A recent post (March 9) discussed punishment, and we noted that punishment by itself is a poor method of behavior control because it says, “Don’t do this!” Punishment by itself doesn’t provide information about what is an acceptable and appropriate action that can still, even if only partially, satisfy the motivation driving the punished action.
So, remember the punishment rule: Combine, “Don’t do this,” with, “Do this,” and remember to reward the latter action when it occurs. Whether in a childrearing context, in your adult interactions, or when dealing with self-punishment, you’ll find the combination strategy is likely to produce satisfying outcomes.
There’s one more rule to remember when using punishment: If you punish behavior that is motivated by fear or anxiety, you are likely to increase the frequency of the behavior you are punishing. How can that be? Unless the recipient (and we’re including self-punishment here!) of your punishment is a masochist, how can punishing an action that is based on anxiety produce the opposite of the intended result?
Well, think about it. When punishment works, why is that? The answer is pretty obvious: punishment associates the behavior with the expectation of pain and anxiety, and most people (excluding those with sociopathic or masochistic tendencies) work to avoid those states. But when the response being punished is based on anxiety, all bets are off.
For instance, suppose a child is in a public place with mom and, for some reason, the kid gets scared and starts crying. Mom doesn’t want her child crying in public, and she says loudly, raising her arm in a threatening way, “Stop that crying or I’m going to give you a good whack on your behind!”
Wow! The child is still scared about being in public, but now also scared of being spanked. It’s a double whammy! Put yourself in the child’s place: How hard is it to stop crying when you’re frightened? Have you ever seen a scared child trying to stop crying? It’s a pathetic scene with the child gasping for air between uncontrollable impulses to cry.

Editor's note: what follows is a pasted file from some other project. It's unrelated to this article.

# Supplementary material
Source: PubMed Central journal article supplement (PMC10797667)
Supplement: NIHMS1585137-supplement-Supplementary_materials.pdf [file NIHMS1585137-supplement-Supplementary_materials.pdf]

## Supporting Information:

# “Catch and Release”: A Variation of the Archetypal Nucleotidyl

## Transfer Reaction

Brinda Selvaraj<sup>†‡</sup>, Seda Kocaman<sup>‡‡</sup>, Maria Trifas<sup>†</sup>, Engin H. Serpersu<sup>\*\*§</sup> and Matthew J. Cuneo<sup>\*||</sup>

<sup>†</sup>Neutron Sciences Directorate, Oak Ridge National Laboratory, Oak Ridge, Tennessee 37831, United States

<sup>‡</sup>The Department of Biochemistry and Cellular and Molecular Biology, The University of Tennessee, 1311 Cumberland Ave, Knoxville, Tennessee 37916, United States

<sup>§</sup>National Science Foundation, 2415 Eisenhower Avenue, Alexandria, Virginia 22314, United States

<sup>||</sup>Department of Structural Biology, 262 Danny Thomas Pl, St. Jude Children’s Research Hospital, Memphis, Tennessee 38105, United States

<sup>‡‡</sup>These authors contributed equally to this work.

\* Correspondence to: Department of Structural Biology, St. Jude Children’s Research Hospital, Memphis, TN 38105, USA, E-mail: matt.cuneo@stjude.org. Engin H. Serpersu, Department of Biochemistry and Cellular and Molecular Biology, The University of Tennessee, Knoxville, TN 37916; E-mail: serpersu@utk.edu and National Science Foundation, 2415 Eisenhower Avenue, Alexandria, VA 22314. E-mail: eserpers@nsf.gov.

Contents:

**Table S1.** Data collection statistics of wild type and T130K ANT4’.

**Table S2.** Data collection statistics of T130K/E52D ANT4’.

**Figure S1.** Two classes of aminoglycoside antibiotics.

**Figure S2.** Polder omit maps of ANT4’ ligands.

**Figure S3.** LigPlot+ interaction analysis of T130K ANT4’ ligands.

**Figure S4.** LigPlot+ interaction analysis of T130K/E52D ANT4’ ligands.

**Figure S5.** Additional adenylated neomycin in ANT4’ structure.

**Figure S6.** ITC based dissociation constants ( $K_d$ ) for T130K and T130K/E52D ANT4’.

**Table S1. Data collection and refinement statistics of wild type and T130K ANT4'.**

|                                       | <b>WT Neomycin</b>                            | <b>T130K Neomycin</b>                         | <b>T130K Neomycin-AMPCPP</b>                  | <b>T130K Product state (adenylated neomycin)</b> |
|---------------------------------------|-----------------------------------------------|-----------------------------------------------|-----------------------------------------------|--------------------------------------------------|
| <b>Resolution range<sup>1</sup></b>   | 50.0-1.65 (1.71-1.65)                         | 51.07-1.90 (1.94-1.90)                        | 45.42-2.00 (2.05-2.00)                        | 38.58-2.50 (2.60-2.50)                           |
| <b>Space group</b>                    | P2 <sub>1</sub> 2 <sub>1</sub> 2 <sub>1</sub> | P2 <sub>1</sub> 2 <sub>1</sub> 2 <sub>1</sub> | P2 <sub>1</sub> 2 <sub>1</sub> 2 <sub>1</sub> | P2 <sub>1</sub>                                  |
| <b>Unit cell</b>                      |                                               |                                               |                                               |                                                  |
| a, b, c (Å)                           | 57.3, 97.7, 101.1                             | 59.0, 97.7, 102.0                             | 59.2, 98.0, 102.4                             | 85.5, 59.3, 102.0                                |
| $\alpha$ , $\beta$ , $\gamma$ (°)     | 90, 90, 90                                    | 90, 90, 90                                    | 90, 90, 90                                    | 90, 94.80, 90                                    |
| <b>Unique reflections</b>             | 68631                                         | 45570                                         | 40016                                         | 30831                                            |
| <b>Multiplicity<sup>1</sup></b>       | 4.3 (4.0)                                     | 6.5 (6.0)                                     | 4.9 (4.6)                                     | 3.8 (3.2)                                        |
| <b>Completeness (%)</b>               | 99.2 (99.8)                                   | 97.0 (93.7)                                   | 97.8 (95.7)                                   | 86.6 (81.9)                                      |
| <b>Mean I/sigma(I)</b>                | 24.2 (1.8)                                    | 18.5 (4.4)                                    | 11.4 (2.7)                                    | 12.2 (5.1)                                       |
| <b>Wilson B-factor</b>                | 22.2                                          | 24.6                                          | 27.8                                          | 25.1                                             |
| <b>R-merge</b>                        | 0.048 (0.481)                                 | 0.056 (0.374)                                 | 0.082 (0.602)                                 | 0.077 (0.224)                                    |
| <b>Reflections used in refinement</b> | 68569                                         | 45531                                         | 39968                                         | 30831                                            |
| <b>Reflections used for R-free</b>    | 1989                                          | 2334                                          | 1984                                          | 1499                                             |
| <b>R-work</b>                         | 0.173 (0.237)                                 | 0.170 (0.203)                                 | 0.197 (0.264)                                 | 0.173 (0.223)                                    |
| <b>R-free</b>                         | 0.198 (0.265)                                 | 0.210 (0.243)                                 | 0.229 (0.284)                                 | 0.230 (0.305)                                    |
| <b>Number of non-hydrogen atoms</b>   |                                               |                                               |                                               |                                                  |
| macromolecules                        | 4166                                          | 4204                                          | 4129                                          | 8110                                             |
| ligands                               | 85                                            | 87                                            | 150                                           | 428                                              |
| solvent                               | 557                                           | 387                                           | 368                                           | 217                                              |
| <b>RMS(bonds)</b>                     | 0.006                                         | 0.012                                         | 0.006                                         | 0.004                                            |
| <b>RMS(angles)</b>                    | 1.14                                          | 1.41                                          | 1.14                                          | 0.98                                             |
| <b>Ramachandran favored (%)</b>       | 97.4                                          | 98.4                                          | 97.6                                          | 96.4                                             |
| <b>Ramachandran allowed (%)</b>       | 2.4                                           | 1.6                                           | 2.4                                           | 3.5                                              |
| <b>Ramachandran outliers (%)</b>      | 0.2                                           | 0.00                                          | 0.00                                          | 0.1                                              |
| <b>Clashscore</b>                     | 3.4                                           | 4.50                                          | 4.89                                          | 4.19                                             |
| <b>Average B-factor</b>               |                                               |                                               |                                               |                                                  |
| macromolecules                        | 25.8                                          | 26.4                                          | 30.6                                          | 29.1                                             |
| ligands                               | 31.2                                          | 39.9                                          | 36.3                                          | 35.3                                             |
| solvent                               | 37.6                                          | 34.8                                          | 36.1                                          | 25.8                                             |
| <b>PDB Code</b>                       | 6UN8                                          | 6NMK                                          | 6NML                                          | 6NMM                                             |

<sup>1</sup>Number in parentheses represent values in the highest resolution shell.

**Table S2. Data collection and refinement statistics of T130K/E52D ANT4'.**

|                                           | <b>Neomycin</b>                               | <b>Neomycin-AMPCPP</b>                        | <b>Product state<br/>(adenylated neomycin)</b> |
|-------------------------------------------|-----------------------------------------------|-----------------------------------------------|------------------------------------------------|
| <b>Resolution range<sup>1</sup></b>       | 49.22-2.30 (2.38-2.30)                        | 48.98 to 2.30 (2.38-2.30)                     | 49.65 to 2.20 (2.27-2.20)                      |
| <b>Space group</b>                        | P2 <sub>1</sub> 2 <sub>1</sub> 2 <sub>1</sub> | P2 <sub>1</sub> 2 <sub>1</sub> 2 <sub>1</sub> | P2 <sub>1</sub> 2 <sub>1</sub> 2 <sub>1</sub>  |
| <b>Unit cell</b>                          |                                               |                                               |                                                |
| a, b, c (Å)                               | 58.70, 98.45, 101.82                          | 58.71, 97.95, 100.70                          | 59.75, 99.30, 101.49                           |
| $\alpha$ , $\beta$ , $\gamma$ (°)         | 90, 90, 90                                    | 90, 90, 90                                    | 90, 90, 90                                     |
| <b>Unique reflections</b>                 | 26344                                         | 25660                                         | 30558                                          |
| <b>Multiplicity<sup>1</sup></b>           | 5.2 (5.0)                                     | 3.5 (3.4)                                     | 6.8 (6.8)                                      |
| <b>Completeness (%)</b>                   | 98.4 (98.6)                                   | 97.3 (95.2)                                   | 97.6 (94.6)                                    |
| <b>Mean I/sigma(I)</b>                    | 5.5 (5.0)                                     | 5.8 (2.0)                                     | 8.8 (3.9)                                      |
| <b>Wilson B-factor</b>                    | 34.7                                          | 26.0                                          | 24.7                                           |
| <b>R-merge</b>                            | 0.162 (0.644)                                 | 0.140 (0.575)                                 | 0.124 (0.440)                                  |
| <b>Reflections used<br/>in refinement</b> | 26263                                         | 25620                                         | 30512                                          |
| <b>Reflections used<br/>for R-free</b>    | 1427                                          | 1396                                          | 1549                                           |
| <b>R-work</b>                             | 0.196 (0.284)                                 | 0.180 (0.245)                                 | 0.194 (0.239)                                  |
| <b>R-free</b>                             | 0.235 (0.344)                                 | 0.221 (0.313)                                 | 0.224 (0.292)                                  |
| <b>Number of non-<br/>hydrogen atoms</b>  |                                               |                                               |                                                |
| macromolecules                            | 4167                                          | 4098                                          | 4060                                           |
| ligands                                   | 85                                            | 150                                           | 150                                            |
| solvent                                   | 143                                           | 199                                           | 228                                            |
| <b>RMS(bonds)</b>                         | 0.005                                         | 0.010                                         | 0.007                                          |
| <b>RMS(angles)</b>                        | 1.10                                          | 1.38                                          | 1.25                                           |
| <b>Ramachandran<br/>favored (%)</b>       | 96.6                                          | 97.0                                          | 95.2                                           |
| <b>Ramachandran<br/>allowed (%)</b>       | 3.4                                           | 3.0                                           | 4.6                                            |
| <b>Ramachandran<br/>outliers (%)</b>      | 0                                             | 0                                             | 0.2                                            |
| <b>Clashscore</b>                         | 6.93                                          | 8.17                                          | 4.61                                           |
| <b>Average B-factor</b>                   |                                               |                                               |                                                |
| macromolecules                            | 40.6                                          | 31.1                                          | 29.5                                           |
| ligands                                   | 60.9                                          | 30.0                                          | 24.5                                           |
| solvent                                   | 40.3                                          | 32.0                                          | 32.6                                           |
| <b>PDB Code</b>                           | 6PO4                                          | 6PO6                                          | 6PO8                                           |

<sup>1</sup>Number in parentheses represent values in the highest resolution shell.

People often do things because they’re anxious and scared. If someone threatens to punish them for the actions, their fear is merely compounded. Suppose you have a tendency to stammer and get tongue-tied when you’re anxious. Your boss tells you, “Now listen, this presentation you’re giving to the Board is extremely important, so don’t blow it with a lot of ‘uhs’ and stutters. I won’t be happy.” Or, suppose those are comments you give to yourself while preparing the talk. Either way, good luck with the presentation! Whether from the boss or your self-comments, you’re adding to your anxiety level and making it more likely that you’ll stutter.
How about if you have a tendency to eat when you’re anxious? Suppose you’re on a diet, and a couple of miserable weeks into it you look in the mirror and say, “Omigod! I’m still fat! I so incompetent I can’t even lose some weight. [Anxiety increases!] I need just a little ice cream to calm me down.” Talk about being in a vicious circle: You’re anxious so you overeat, which leads to shame and self-criticism, which makes you anxious, which makes you eat, which……you get the picture.
So, remember, punishing or threatening someone (or yourself!) who behaves inappropriately because they’re afraid is likely to be ineffective because the threat will increase the fear, which will continue to drive the punished response. The real problem here is that the focus is on the action, when the focus should really be on the fear that is motivating the action.
Remember in our earlier post when you punished a child for drawing on the wall? If the child acted out of a creative impulse, your punishment does not provide any way for the child to satisfy that impulse. Same thing when an action is motivated by fear. Punishment does not deal with the fear, only the action. If you’re looking to become more effective in your coping efforts, when considering punishment, either for yourself or for another, it pays to consider the motivation behind the behavior you are punishing.